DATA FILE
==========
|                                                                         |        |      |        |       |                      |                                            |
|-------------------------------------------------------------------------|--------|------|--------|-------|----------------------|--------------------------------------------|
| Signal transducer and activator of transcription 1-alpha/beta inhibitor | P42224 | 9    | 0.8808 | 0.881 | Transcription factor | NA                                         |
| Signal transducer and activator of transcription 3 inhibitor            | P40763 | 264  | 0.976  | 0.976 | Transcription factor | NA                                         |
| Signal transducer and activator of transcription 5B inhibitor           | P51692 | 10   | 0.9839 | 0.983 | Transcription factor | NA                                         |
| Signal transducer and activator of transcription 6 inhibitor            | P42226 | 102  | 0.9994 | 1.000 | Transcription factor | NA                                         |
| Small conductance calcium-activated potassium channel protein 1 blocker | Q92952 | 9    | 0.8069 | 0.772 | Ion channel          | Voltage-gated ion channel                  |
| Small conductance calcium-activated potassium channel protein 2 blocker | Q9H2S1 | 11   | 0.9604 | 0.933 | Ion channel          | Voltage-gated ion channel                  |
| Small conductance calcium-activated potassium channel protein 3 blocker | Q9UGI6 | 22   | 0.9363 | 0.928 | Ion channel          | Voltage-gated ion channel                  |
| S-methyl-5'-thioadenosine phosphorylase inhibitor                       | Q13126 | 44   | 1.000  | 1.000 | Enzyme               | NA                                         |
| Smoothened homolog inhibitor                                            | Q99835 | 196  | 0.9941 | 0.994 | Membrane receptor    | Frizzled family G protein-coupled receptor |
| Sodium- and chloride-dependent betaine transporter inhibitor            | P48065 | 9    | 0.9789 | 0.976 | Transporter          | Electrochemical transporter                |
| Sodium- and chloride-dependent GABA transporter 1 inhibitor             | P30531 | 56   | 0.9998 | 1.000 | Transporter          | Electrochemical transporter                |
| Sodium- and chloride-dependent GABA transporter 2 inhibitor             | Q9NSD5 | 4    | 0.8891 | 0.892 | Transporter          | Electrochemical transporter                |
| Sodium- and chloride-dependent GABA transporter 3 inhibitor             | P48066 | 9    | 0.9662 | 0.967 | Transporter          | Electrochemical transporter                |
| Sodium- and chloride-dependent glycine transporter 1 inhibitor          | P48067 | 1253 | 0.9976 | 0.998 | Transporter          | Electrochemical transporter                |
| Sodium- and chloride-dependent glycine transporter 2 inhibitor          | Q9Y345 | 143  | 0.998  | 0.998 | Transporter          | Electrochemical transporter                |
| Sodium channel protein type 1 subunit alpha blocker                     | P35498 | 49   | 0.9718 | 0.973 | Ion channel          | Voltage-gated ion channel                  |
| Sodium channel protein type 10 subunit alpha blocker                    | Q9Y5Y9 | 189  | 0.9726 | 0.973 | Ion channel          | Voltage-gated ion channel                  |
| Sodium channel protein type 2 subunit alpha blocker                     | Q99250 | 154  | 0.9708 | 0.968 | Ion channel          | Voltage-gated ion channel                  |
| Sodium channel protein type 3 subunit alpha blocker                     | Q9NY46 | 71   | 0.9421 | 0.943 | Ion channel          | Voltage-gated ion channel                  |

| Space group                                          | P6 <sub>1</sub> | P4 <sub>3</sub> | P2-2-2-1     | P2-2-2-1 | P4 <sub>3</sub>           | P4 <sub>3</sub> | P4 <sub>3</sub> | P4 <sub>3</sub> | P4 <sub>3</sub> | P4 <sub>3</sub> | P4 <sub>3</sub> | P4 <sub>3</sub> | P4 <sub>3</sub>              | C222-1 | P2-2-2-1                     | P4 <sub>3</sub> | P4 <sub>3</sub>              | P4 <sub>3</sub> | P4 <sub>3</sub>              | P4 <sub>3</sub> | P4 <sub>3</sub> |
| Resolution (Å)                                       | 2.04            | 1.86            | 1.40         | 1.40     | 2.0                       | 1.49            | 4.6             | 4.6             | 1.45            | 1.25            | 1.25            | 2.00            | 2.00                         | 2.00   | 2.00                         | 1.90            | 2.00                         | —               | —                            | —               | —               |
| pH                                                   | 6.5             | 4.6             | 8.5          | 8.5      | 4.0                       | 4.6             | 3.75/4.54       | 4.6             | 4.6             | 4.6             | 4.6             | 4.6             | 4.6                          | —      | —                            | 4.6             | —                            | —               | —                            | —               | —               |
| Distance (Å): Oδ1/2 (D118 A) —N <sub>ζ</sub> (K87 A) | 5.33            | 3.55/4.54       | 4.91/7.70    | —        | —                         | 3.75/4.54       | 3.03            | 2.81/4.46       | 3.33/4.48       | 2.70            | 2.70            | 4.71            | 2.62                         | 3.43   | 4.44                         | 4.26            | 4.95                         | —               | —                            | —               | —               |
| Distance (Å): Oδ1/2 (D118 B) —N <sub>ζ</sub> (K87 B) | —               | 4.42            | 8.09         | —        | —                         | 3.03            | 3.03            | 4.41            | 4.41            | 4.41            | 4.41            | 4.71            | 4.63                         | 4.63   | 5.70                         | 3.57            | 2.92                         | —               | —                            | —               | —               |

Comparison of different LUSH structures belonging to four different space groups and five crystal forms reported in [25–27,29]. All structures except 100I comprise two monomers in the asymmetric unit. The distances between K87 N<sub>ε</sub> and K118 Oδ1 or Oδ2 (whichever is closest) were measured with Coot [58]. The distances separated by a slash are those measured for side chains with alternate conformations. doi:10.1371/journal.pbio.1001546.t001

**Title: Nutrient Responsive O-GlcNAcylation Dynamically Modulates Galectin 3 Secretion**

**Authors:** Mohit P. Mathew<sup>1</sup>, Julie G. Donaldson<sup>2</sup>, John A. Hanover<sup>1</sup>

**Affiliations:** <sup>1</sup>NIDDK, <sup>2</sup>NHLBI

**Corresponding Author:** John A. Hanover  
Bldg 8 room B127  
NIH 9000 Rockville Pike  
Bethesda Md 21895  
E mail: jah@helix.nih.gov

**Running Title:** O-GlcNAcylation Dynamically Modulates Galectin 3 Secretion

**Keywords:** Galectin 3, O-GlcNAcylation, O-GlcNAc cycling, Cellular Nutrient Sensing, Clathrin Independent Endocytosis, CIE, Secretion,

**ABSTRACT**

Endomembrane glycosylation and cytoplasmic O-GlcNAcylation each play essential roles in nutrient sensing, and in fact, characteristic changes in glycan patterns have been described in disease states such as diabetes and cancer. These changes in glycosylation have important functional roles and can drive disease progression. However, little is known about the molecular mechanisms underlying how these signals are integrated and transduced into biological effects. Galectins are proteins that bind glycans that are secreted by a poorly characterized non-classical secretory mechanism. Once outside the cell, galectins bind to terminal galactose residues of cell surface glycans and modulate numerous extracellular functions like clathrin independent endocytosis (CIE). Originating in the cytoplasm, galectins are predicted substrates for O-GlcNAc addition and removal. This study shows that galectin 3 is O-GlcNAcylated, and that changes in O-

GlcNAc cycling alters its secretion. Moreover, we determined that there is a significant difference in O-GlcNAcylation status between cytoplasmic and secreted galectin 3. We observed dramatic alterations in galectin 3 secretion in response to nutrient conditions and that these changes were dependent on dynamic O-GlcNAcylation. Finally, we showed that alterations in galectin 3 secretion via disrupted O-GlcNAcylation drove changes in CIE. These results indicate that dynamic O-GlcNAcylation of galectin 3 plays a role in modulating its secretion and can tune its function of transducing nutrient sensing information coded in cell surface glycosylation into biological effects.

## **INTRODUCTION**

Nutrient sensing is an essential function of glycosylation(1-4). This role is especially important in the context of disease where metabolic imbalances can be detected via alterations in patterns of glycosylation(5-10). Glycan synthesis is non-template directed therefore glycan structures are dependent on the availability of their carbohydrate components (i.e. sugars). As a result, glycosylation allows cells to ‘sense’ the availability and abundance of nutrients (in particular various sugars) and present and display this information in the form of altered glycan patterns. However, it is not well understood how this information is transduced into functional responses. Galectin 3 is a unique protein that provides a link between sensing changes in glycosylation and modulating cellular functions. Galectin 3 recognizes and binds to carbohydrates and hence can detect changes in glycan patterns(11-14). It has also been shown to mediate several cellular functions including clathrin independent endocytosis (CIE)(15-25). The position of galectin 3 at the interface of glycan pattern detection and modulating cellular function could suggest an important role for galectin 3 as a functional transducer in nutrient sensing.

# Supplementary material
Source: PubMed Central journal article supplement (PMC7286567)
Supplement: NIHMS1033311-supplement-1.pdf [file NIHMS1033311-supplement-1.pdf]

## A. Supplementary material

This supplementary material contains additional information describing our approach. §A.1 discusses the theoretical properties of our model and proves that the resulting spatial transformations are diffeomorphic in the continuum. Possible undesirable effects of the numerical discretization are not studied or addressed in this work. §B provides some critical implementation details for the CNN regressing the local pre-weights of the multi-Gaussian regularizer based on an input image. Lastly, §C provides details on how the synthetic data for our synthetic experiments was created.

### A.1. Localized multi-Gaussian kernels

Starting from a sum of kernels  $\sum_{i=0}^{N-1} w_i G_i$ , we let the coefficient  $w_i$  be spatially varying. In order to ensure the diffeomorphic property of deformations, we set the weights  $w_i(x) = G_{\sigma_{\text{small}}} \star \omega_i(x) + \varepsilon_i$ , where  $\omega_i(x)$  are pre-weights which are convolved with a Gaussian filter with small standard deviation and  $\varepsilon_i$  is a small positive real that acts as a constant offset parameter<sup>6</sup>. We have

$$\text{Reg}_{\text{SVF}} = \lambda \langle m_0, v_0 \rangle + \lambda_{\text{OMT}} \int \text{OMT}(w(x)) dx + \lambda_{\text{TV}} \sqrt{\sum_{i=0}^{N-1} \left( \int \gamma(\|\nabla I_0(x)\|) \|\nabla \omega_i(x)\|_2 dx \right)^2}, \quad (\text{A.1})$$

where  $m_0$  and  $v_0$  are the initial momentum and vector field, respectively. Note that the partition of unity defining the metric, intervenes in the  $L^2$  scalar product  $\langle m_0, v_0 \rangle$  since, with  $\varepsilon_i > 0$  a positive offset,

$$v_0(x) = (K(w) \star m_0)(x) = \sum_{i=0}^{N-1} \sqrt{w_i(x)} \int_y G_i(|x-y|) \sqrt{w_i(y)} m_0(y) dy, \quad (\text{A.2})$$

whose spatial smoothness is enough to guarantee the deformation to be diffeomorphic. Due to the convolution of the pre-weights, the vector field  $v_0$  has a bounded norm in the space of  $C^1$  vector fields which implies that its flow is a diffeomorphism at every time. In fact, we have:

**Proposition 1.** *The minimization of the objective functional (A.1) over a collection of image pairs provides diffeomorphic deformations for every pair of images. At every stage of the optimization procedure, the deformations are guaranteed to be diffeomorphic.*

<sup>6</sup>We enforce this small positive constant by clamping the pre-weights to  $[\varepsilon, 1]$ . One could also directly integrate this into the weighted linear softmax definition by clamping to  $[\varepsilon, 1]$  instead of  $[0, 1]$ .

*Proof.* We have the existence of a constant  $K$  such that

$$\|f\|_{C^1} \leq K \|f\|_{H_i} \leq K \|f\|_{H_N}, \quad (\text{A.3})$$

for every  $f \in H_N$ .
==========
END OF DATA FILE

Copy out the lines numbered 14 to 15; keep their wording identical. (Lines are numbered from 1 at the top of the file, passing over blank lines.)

| Sodium- and chloride-dependent GABA transporter 2 inhibitor             | Q9NSD5 | 4    | 0.8891 | 0.892 | Transporter          | Electrochemical transporter                |
| Sodium- and chloride-dependent GABA transporter 3 inhibitor             | P48066 | 9    | 0.9662 | 0.967 | Transporter          | Electrochemical transporter                |